Delhi: For more than 25 years Talib Hussain sold chicken at his eatery—Mehak Restaurant—in Sambhal town, about 350 km northwest of Uttar Pradesh (UP) capital Lucknow, making a living reasonable enough to own his house, a car, a motorcycle and pay for the marriages of four daughters and two sons.
Everything changed on the evening of 3 July 2022, when in a widely reported action (here and here), the local police picked him up from his restaurant, following a complaint by a police officer, who accused him of hurting religious sentiments by selling chicken wrapped in newspaper printed with an advertisement carrying images of Hindu deities.
The first information report (FIR) filed against Hussain, 60, said after locals summoned police, they found a stack of 70 papers torn from the 3 April edition of Hindustan, a Hindi daily, some of which apparently were printed with the advertisements in question, commemorating Navratri, the Hindu new year.
“Iss karya ko dekh kar majood bheed restaurant ke maalik se kaafi krodit hai aur keh rahi hai ki isse hamari dharmik bhaavnaoon ko chot pahunchahi hai (After seeing this, the crowd at the restaurant are quite angry at the owner of the restaurant, and they say their religious sentiments have been hurt),” said the FIR, filed by a police officer.
No one came forward to file a complaint or be a witness, police sub-inspector Ajay Kumar Tyagi was quoted as saying in The Print, a website, on 6 July 2022.
So, Tyagi filed the complaint, even though the arrival of the police appeared linked to a tweet from the vice president of the youth wing of the ruling Bharatiya Janata Party (BJP), which said: “In Sambhal, Mehak Restaurant is packing chicken with newspapers that have photos of Gods. There are around 100 newspapers. The administration should take strict action.”
When the police started inquiries, Hussain, the police alleged in the FIR, suddenly took out an “illegal knife” from his counter and attacked them with the “intention to kill us police folk”.
The FIR charges him with the possession of illegal firearms, and in a video of his arrest, Hussain is seen peacefully accompanying two policemen on a motorcycle. The FIR says he cooperated with police after he was disarmed.
Charged under six sections of two laws, including attempt to murder, Hussain faces a long, legal battle. If convicted, he faces up to 10 years imprisonment. He alleged harassment by the police after he was released on bail, which a senior local official denied.
No Harassment, Says District Magistrate
A local judge granted Hussain bail and he was released on 19 July 2020 after 13 days of incarceration. After release, Hussain told Article 14, he sold only vegetarian food—paneer, vegetables and dal—for nearly a month.
“After I resumed my business, the police visited my shop three times and asked me to sell only vegetarian food,” said Hussain, who alleged he was singled out for such attention. He agreed, Hussain said, saying he reminded them on successive visits that he was selling only vegetarian food.
Hussain said no other restaurant was asked to shut down, “despite assurances from the DM (district magistrate) no one would harass me”.
Sambhal district magistrate Manish Bansal told Article 14 that no complaints of police harassment had come to his notice.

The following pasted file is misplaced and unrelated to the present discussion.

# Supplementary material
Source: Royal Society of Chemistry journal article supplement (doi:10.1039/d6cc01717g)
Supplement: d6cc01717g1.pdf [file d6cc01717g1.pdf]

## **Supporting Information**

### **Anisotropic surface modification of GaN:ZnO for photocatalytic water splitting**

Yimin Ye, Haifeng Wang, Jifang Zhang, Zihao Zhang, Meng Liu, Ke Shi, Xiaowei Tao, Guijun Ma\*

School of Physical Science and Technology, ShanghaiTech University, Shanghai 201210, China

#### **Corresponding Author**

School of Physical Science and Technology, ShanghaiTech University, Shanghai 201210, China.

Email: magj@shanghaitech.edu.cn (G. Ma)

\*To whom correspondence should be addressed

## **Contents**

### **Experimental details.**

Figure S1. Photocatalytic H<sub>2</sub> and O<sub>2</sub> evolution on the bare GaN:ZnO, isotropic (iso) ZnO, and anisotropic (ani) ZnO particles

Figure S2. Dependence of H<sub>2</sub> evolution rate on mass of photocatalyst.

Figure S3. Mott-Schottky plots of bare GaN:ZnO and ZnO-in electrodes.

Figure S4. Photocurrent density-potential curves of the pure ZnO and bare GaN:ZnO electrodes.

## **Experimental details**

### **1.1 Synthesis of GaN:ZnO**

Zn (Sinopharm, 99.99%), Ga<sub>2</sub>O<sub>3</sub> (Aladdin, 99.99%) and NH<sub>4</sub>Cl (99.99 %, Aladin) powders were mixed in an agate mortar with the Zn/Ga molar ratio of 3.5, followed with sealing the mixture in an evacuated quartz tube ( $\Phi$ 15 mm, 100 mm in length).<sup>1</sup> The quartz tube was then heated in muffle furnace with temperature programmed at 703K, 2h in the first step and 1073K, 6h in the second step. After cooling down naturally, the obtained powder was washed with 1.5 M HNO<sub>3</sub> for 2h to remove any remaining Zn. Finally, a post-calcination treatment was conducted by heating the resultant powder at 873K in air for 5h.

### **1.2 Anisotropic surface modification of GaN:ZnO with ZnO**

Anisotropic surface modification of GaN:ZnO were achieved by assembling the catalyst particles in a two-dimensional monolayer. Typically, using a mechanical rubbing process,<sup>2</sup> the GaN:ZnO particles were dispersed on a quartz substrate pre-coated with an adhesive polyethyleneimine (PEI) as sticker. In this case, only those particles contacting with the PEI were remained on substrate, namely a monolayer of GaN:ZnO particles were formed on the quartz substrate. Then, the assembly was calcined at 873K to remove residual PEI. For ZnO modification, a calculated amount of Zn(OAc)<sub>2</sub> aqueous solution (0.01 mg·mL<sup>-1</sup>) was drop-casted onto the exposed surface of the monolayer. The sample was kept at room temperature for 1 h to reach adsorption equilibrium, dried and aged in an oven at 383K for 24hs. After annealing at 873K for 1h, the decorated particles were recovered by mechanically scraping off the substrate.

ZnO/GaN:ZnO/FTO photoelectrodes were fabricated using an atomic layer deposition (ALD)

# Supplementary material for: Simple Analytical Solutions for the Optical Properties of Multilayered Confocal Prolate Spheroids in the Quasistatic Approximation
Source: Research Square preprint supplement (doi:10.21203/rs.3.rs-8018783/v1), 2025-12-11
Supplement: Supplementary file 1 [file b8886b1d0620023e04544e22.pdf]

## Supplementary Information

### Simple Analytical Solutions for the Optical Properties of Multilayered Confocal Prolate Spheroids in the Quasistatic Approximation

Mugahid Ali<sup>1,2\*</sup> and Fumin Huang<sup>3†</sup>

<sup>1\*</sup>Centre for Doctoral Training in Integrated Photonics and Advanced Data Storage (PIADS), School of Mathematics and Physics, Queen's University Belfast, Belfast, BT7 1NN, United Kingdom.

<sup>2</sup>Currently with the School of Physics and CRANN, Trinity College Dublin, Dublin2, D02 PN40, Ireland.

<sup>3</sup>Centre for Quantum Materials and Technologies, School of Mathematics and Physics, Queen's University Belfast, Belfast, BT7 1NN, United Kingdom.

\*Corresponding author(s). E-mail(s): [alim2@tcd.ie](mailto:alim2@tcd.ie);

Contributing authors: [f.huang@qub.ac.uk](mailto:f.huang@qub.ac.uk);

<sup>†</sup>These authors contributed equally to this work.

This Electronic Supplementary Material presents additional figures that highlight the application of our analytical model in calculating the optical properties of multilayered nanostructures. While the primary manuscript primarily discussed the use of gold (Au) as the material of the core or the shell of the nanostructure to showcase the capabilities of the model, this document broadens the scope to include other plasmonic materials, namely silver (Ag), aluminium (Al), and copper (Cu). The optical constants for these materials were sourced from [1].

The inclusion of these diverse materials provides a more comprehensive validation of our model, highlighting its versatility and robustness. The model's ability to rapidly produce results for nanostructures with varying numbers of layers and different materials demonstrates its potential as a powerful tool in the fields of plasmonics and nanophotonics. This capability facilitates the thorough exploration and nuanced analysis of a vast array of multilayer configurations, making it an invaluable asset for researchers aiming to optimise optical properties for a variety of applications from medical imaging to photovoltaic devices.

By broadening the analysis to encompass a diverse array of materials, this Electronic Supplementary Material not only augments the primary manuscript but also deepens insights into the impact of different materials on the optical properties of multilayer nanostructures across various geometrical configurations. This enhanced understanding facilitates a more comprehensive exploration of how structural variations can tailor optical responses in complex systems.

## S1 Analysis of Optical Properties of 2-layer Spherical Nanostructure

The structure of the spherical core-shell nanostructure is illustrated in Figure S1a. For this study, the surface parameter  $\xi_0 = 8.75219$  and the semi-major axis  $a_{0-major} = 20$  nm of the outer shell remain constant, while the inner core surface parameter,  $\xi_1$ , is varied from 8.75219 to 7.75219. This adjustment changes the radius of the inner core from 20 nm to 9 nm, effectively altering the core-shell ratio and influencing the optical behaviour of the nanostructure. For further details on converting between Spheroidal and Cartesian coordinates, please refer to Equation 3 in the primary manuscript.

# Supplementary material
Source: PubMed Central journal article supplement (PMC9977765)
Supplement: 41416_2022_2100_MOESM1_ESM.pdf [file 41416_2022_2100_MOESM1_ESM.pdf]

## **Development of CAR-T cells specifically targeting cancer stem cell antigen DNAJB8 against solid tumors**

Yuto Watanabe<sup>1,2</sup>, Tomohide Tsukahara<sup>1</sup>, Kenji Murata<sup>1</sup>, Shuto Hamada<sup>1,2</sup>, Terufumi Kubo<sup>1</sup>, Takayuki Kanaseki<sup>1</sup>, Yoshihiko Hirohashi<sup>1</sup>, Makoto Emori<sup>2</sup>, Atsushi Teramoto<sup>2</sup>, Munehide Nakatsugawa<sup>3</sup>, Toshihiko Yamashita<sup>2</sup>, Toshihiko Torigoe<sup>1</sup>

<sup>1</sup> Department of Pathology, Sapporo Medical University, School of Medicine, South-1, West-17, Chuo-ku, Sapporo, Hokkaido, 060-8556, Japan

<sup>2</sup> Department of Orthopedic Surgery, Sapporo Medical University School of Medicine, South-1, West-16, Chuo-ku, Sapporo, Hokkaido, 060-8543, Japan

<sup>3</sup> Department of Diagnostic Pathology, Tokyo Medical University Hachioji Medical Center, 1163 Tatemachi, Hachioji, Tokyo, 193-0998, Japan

“This incident (the alleged wrapping of chicken in newspaper) took place after which an FIR was filed and proceeding happened as per law,” said Bansal. “But as far as running the restaurant (sic) is concerned, there was no intervention from my or my office’s side.”
The police also forced him, Hussain alleged, to shut his eatery for three days—21 July to 2 August 2022—apparently because of the Kawar yatra, an annual journey of devotees of Hindu lord Shiva to different places along the river Ganga. This year, the UP and Uttarakhand governments restricted or stopped the sale of meat, eggs and non-vegetarian food on routes of the Kanwar yatra.
The holy Hindu month of Sawan also ended on 12 August, during which eating non-vegetarian food is prohibited in Hindu tradition. Every year Hindus conduct processions in the town during Sawan to celebrate the birth of Lord Kalki who is believed to have been born in Sambhal.
In recent years, with the ascendance of Hindu nationalist governments in New Delhi and many states, the festival has seen heightened communal tension in northern Hindi-speaking states, such as UP, Uttarakhand, Delhi and Haryana.
Hussain’s case is the latest in a series of similar accusations and criminal cases against Muslims in UP, many seemingly without foundation, with this discriminatory attitude rooted in the approach taken by the government of chief minister Yogi Adityanath.
The Message From The Top
Since he began his second term in office in 2022, Adityanath has made clear his disdain for Muslims, threatening violence against the state’s largest minority on more than one occasion.
For instance, at an election rally in Jaunpur in October 2020, he warned about so-called “love jihad”, a popular Hindu rightwing conspiracy theory that says Muslim men entrap gullible Hindu girls into falling in love with them with the intent of conversion through marriage.
“Those who do not mend their ways, will be sent to their death journey (agar woh sudhre nahi toh Ram naam satya hai ki yatra nikalne waali hai),” he said in this 2020 video, an apparent reference to Muslims. Adityanath has denied hostility to Muslims, saying his relationship with them was “the same as their relationship with me” and it was “anti-national forces” he was opposed to.
His attitude has often transformed into official action, including demolitions of homes and properties of Muslim activists or those accused in riots, such as was witnessed in Kanpur in June 2022, where Muslims alleged bias in police investigations.
Muslims have said they felt embattled and persecuted in UP, including those who have been victims of hate crime and those who protested against India’s controversial 2019 citizenship law. Almost 37% of those killed in UP police “encounters” over three years to 2020 were Muslims, who make up 19% of the state population, the Economic Times reported in August 2020.